ARSENE WENGER’S satisfaction was understandable.
A match-winning display of great promise from goalkeeper Vito Mannone, backed up by an uncharacteristically gritty team performance, prompted the Arsenal manager to describe this win as a potential turning point for his side.
Coming into the match, question marks had been placed against both the keeper’s position and Arsenal’s ability to add title-challenging steel to their enthralling attacking play. While those question marks have certainly not been totally erased, Wenger’s claims about the significance of this game were not without foundation.
The number one spot has already caused concern this season with Manuel Almunia looking shaky – the calls for the Spaniard to be called up by England have become distinctly more muted – before being laid low with a chest virus while regular deputy Lukasz Fabianski is sidelined following knee surgery.
Mannone had been installed as back-up before the start of the season but his recent performances against Standard Liege and Wigan hardly inspired confidence, and his place against Fulham had been subject to debate.
It is to the 21-year-old’s enormous credit, then, that he turned in the kind of performance he presumably dreamt of as a youngster growing up in Italy before he was spotted by an Arsenal scout and persuaded to move to England in 2005.
A succession of impressive saves denied Fulham the opening goal their first-half pressure deserved and after Robin Van Persie had unexpectedly given the visitors the lead in the 52nd minute, Mannone continued his good work, notably when his sharp reflexes kept out Bobby Zamora’s close range header.
Wenger admitted the player’s experience in England has not always been a happy one, particularly when he was loaned out, swapping the cosseted life of a young player at one of the Premier League’s top clubs for the altogether more grittier surroundings of Barnsley.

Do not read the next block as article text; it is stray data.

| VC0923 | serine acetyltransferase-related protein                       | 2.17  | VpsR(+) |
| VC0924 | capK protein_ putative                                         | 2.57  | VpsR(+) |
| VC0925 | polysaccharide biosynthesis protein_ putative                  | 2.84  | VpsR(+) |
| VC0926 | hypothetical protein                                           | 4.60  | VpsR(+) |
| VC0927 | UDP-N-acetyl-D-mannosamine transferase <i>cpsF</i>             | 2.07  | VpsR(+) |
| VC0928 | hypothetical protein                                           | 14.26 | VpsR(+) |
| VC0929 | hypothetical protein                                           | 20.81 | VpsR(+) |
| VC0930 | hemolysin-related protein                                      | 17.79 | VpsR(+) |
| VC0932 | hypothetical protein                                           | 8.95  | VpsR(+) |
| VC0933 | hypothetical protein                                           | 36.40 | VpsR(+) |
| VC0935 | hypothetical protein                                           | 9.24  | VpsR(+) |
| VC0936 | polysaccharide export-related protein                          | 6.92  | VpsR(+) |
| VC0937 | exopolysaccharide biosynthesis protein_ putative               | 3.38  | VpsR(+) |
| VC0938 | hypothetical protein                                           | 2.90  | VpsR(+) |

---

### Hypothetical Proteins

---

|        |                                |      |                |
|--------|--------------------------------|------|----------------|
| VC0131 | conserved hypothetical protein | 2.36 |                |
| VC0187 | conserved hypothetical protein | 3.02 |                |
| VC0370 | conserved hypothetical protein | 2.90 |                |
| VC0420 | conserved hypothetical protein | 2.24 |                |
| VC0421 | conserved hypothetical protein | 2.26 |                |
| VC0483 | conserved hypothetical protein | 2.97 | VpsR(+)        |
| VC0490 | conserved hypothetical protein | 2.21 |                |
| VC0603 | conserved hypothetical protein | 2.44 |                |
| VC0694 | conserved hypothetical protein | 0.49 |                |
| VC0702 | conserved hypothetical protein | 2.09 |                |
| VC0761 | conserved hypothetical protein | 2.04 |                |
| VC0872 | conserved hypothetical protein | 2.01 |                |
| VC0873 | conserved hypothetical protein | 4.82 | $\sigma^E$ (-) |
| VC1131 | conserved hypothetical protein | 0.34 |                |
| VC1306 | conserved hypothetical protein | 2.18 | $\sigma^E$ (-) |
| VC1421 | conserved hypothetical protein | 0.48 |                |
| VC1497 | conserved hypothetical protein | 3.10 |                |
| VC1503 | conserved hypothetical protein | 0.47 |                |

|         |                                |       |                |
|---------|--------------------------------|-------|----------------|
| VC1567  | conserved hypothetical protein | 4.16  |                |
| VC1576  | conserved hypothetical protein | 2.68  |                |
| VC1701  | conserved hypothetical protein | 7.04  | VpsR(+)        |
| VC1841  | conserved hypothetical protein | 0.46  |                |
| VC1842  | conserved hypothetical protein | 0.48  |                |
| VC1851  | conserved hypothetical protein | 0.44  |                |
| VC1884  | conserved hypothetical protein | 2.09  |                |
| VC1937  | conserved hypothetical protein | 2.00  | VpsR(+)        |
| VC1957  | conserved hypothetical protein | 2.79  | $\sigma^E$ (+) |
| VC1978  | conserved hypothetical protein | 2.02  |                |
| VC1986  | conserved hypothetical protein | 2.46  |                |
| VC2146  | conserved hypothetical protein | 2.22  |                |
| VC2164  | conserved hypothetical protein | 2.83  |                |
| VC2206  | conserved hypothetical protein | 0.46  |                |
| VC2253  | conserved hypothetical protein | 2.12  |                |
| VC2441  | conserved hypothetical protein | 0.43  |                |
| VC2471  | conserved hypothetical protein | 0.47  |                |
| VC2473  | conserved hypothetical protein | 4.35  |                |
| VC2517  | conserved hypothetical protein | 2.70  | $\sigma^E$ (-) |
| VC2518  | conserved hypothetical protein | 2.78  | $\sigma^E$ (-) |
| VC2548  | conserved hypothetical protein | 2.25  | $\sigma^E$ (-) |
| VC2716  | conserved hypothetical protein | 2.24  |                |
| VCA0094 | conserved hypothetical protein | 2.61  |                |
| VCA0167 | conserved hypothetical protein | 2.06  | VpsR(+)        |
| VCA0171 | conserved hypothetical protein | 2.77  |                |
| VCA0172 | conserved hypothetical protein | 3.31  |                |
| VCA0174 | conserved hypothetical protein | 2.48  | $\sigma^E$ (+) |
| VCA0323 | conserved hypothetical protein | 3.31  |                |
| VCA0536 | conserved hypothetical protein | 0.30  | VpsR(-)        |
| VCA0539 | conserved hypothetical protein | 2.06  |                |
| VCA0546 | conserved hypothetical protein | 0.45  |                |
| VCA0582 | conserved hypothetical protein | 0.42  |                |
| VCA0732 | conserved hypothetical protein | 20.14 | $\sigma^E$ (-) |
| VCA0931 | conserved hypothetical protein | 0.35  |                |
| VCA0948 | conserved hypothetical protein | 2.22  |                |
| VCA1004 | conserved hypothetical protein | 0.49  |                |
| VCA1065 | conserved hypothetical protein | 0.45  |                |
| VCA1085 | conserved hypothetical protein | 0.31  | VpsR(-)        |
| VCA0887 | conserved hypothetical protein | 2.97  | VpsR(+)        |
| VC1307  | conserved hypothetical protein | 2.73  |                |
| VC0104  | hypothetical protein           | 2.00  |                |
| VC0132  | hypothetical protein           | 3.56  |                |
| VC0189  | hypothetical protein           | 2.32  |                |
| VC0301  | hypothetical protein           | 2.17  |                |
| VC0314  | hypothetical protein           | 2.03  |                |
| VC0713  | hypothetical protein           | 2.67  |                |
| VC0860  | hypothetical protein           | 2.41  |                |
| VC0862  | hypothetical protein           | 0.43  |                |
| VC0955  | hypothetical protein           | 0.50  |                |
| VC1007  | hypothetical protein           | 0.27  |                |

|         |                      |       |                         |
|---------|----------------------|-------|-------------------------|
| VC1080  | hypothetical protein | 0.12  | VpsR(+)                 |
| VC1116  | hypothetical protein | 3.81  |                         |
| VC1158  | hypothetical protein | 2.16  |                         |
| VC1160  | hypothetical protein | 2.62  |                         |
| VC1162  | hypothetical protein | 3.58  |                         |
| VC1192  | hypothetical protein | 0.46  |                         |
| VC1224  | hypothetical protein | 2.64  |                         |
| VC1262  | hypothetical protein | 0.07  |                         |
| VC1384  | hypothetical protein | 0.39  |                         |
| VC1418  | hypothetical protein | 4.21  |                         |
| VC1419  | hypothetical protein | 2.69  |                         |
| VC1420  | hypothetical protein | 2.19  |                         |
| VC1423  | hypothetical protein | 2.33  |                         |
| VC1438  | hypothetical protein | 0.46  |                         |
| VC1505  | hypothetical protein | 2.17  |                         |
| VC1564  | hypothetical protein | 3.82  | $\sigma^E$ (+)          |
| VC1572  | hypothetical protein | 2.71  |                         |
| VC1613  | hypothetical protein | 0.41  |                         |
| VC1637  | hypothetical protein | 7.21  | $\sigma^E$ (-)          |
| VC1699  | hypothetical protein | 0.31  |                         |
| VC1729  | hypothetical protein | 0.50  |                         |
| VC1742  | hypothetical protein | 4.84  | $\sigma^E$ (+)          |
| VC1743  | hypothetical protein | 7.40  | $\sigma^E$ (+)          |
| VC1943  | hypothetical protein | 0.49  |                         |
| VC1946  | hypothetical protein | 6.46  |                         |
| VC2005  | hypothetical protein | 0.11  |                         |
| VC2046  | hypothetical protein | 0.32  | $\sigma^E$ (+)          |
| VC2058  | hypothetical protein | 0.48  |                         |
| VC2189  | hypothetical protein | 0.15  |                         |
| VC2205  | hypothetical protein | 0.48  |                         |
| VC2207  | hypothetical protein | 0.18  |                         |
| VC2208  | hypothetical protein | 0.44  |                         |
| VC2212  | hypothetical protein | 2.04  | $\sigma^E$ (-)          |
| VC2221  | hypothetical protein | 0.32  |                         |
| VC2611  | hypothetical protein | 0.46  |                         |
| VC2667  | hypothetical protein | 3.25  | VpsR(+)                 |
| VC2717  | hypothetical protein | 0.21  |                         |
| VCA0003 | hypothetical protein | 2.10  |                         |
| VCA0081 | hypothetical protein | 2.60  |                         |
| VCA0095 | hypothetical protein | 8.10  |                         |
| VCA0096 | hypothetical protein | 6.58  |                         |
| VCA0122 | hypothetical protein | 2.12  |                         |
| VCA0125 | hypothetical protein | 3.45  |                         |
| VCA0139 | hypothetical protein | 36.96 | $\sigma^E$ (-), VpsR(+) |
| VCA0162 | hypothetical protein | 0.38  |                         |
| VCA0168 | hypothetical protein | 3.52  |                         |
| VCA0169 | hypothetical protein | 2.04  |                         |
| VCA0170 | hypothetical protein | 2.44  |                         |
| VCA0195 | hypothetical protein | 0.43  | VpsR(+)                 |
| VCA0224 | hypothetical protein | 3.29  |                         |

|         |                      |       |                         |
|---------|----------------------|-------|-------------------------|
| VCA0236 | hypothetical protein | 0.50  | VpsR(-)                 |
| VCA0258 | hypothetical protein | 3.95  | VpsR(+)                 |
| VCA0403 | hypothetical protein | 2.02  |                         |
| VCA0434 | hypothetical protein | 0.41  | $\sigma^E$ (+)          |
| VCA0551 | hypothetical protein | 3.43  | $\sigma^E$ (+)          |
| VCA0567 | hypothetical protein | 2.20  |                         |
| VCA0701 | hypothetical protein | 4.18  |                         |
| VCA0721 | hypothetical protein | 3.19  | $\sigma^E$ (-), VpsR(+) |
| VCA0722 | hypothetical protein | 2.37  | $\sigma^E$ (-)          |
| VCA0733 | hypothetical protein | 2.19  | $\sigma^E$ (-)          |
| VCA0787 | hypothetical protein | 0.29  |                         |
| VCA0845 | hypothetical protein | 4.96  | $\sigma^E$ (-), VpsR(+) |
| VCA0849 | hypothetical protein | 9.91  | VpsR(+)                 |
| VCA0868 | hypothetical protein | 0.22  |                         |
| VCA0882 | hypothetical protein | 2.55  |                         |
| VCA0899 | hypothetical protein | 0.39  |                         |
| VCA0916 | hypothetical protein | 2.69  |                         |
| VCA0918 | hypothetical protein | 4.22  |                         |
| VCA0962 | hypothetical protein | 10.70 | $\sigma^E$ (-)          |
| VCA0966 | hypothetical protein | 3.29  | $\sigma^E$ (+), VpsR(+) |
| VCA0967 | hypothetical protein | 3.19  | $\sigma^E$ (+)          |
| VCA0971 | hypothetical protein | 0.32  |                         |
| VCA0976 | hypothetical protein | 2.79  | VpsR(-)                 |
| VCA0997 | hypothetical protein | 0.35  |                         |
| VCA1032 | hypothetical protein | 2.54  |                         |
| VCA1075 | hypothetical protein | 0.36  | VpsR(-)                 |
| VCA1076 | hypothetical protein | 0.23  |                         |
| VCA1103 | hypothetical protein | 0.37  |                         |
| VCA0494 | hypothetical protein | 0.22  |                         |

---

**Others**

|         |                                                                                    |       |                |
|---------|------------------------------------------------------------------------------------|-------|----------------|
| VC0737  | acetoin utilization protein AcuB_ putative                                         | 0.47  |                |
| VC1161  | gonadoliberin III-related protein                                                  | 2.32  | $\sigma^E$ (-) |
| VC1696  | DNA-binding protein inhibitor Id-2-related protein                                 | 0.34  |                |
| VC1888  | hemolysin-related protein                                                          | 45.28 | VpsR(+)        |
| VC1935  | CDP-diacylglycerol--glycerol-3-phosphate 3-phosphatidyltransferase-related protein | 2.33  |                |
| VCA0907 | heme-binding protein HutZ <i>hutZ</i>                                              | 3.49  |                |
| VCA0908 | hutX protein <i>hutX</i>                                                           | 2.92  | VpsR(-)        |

The manager admits the switch to Oakwell was tough for Mannone, and convinced Wenger to rethink his policy of loaning youngsters out.
“I think he was a bit too young, that’s why I’m a bit more cautious now about sending foreign players out on loan when they are young,” the manager admitted.
“In England in the Championship, they’re under pressure and when suddenly you get out of Arsenal it isn’t easy. He didn’t speak perfect English but I believe it was too early.”
Wenger had little doubt Mannone could cope given the commitment the player had already shown in his career.
“It’s not easy, but when a player goes abroad and resists at such a young age and works hard without playing, there is no better education for his mental strength,” the manager added. “He went from that experience and kept working. There is a belief in him as well.
“We saw in him some qualities and he showed those qualities today. But the problem for a goalkeeper is you can only play him as a goalkeeper.
“If he is a midfielder, you can play him wide left or in the middle. But if you are a goalkeeper you have to sit there if you are not in the field and wait until someone gets injured.”
That is exactly what has happened, and Mannone will get the opportunity to demonstrate this display was no fluke when Arsenal play Olympiakos in the Champions League tomorrow with Wenger seemingly dangling the carrot of more opportunities ahead. “We will assess the situation at the time (when Almunia is fit),” said the Frenchman.
It perhaps should have been more of a concern that his side had to rely on the man of the match efforts of a rookie keeper to hold on against a team that will do well to repeat last season’s seventh placed finish.
After successive away defeats at Manchester United and Manchester City though, Wenger knew it was important his side claimed maximum points and he clearly believes this display demonstrated his side’s hitherto hidden depths.
“We showed great spirit today,” he said. “I’m very optimistic about this team because what I have seen today means there is something in this team that can go from strength to strength.’’
For Fulham, defeat was cruel and their failure to breach the visitors’ defences confirmed a problem that has run through the opening weeks of their campaign. But manager Roy Hodgson remains confident the goals will come and insists he has no regrets over his failure to sign Peter Crouch this summer.
“Goals are a problem,” he said, “but I’m not saying it bothers me in the longer term. It would be very unfair of me to say I regret not signing somebody.”
REFEREE: Martin Atkinson (West Yorkshire) 7: Kept a low profile and allowed the game to maintain its flow even when the challenges became more desperate during the final stages.
MATCH RATING: **** The Fulham fans won’t have enjoyed it, but Mannone’s display gave the game an added edge and maintained the thrill count despite a lack of goals.
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